Many people lavish more attention on their cell phone than they do on their mate or children.
The cell phone is their first encounter in the morning and their last at night. They talk to it, stroke it, and tuck it close to their most intimate parts. They laugh, smirk, yell and cry to their cell phones.
For many, their cell phone is their closest confidante, and their most beguiling source of interaction.
How do you know, though, if this is a functional or dysfunctional relationship?
Could this intimate liaison actually be harmful to your health?
Cell phone and brain cancer risk
Last autumn I was preparing a talk about preventing cancer. For over three years I worked with late stage cancer patients at Cancer Treatment Centers of America (CTCA), so I was very familiar with predictions about the number of people who will develop certain cancers. I wanted to be sure, though, I had the most recent information.
When I reviewed the American Cancer Society’s website to see if the numbers had changed, most of the statistics were very familiar: 1 in 8 women will develop breast cancer during their lifetime; 1 in 23 people will be diagnosed with colon cancer.
I scanned down the list. The last item caught my eye. I read the numbers; then I read them again.
My jaw dropped.
1 in 2 men will develop brain cancer.
1 in 3 women will develop brain cancer.
For most of the twentieth century, brain tumors were rare. During my last two years at CTCA, I saw an alarming rise in malignant brain tumors in general, and among young people in particular.
Why this sudden, catastrophic rise in brain tumors?
The short answer is cordless phones and cell phones.
Mobile phones and cell phones emit radio frequency electromagnetic fields (RF-EMF). In May 2011 The International Agency for Research on Cancer (IARC) at the World Health Organization (WHO) designated the RF-EMF emitted by cell phones and cordless phones as 2B, a “possible” carcinogens.
In 2013 researchers in England used the “Bradford Principles” to establish cordless phones and mobile phones as 2A, probable carcinogens. They called upon the IARC to change the cell phone and cordless phone danger from possible to probable carcinogens.[i]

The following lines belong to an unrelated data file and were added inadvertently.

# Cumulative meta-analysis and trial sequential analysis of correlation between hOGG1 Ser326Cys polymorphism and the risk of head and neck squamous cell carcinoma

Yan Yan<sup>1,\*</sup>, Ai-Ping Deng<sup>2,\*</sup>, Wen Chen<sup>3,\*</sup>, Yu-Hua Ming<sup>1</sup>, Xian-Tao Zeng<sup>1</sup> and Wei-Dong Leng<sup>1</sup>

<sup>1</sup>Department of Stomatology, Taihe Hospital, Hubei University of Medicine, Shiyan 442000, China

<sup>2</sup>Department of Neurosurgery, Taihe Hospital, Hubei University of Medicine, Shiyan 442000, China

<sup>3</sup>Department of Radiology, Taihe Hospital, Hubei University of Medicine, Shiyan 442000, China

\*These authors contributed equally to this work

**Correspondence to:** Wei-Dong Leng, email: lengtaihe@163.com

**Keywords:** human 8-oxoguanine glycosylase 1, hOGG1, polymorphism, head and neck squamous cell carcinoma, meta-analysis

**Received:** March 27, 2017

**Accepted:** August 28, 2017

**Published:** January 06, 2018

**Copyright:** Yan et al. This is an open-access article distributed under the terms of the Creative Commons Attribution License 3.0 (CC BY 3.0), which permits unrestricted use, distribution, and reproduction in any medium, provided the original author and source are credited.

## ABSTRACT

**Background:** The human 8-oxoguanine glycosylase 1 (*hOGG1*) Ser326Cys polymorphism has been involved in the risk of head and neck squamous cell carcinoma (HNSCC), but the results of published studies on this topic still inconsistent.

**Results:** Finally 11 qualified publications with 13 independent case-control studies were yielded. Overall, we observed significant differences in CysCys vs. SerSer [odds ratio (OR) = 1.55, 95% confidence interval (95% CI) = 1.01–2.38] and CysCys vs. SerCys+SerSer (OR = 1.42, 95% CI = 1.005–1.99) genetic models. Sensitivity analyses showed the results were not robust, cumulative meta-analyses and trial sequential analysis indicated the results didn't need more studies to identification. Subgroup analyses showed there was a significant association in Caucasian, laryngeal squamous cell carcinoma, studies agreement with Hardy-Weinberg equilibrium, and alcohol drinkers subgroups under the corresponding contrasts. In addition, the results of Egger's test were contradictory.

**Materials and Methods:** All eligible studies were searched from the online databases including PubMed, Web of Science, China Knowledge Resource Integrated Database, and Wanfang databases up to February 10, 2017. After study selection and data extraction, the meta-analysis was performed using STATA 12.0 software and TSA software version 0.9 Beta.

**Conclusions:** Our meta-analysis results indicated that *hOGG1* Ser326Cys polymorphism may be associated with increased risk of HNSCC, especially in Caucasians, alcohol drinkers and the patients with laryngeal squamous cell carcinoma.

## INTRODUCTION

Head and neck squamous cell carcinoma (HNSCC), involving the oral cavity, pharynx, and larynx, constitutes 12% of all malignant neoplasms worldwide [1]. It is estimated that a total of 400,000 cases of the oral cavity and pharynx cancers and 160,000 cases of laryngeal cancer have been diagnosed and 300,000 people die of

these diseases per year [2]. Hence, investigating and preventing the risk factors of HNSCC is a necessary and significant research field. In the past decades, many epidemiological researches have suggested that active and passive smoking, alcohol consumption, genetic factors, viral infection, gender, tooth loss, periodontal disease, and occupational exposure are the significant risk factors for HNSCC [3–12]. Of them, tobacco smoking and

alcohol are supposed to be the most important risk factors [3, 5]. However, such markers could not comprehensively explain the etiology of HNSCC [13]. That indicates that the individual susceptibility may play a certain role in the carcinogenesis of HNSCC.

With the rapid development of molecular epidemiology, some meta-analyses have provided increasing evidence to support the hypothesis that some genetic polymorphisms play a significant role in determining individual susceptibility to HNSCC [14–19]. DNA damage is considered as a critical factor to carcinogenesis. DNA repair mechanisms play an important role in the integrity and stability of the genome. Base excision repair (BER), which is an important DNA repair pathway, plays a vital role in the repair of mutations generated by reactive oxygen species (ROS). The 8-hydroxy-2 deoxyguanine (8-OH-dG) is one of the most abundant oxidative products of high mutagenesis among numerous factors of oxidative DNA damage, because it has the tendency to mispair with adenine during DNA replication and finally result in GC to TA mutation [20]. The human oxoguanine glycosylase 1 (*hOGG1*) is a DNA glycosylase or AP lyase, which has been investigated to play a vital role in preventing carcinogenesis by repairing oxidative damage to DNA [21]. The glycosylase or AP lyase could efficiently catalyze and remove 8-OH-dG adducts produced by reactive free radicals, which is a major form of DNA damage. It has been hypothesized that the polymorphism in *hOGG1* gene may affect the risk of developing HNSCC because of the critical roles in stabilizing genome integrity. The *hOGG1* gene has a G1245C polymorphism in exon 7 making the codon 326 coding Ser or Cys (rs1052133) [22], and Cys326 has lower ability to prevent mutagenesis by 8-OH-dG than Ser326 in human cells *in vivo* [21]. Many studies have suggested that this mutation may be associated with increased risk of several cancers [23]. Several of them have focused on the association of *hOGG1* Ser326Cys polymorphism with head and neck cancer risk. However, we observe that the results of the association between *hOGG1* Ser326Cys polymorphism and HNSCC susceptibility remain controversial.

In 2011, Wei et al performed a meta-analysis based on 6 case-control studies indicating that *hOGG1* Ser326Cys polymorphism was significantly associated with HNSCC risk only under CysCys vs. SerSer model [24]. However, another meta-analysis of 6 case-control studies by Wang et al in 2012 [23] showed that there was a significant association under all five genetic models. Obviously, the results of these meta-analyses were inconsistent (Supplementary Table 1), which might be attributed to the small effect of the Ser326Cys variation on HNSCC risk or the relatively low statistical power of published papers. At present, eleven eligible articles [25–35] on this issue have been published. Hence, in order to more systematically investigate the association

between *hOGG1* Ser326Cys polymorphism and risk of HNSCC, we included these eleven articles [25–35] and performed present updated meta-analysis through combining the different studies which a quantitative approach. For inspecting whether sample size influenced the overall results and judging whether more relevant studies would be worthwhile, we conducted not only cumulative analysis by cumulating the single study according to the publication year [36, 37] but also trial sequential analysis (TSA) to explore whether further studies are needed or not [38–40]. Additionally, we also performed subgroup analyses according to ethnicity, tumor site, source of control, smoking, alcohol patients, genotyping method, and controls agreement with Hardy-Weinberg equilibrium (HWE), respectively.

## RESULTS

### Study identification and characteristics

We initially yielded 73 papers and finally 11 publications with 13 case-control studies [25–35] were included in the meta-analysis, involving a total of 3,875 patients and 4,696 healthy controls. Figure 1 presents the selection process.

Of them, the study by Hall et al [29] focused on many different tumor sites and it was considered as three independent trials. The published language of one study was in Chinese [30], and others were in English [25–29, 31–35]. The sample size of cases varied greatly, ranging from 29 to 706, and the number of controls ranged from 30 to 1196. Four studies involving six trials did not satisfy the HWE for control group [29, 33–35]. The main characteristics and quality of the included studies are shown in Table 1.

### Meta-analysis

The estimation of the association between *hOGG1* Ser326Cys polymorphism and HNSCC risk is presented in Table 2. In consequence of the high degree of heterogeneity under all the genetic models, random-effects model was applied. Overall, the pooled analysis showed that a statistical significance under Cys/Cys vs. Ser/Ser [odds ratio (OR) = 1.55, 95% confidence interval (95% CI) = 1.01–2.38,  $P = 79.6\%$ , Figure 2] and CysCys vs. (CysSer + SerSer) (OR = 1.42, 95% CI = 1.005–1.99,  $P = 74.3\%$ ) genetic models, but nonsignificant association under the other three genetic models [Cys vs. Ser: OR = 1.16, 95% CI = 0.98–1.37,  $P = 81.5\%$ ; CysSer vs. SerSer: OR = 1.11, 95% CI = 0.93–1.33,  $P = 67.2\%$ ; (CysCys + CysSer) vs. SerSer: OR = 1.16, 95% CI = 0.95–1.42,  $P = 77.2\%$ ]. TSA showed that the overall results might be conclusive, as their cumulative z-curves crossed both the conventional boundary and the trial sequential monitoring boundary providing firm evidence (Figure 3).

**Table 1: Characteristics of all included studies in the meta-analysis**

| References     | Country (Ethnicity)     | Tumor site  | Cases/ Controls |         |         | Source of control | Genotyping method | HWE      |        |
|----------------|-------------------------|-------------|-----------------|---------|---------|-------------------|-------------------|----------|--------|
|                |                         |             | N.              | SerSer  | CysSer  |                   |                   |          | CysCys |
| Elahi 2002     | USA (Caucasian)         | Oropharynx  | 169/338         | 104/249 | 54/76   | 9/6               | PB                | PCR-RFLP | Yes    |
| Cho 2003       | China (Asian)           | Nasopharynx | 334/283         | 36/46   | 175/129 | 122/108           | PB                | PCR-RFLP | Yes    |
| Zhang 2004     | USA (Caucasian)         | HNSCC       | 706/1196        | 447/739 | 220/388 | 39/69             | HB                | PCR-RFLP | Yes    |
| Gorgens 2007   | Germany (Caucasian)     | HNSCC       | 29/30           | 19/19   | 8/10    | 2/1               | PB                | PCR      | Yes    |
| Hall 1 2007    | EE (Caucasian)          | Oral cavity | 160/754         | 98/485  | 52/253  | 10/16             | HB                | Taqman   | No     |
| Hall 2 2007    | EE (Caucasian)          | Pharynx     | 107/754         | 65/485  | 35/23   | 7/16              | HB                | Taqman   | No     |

In 2014 scientists reported the results of the CERENAT study in France that demonstrated increased risk of malignant brain tumors for people who had used a mobile phone for a decade or longer.[ii] The statistics likely would have been even higher if digitally enhanced cordless phones, used by approximately half of the French population, had been included in the study as well.
In 2015 French researchers also called upon IARC to reclassify cell phones as class 2A, meaning “probable” human carcinogens, instead of “possible” carcinogens.[iii]
Cell phones and breast cancer risk
A group of oncologists in California recently reported four cases of women in their thirties who developed breast cancer exactly where their cell phones were in contact with their breast. All 4 women had similar tumors (multifocal tumor formation).[iv]
Cell phones and male fertility
Men who carry cell phones in their pants pocket have lower sperm counts, slower sperm motility, more abnormally shaped sperm, and decreased viability (their sperm don’t live as long). These abnormalities seem to be directly related to the duration of mobile phone use.[v]
The bottom line: cell phones contribute to the development of brain and breast cancer and reduce male fertility.
[i] Hardell L, Carlberg M. Using the Hill viewpoints from 1965 for evaluating strengths of evidence of the risk
for brain tumors associated with use of mobile and cordless phones. Rev Environ Health. 2013;28(2-3):97-106. doi: 10.1515/reveh-2013-0006.
[ii] Coureau G1, Bouvier G, et al. Mobile phone use and brain tumours in the CERENAT case-control study. Occup Environ Med. 2014 Jul;71(7):514-22. doi: 10.1136/oemed-2013-101754. Epub 2014 May 9.
[iii] Morgan LL1, Miller AB, et al. Mobile phone radiation causes brain tumors and should be classified as a probable human carcinogen (2A) (review). Int J Oncol. 2015 May;46(5):1865-71. doi: 10.3892/ijo.2015.2908. Epub 2015 Feb 25.
[iv] West JG1, Kapoor NS. Multifocal Breast Cancer in Young Women with Prolonged Contact between Their Breasts and Their Cellular Phones. Case Rep Med. 2013;2013:354682. doi: 10.1155/2013/354682. Epub 2013 Sep 18.
[v] La Vignera S1, Condorelli RA, et al. Effects of the exposure to mobile phones on male reproduction: a review of the literature. J Androl. 2012 May-Jun;33(3):350-6. doi: 10.2164/jandrol.111.014373. Epub 2011 Jul 28.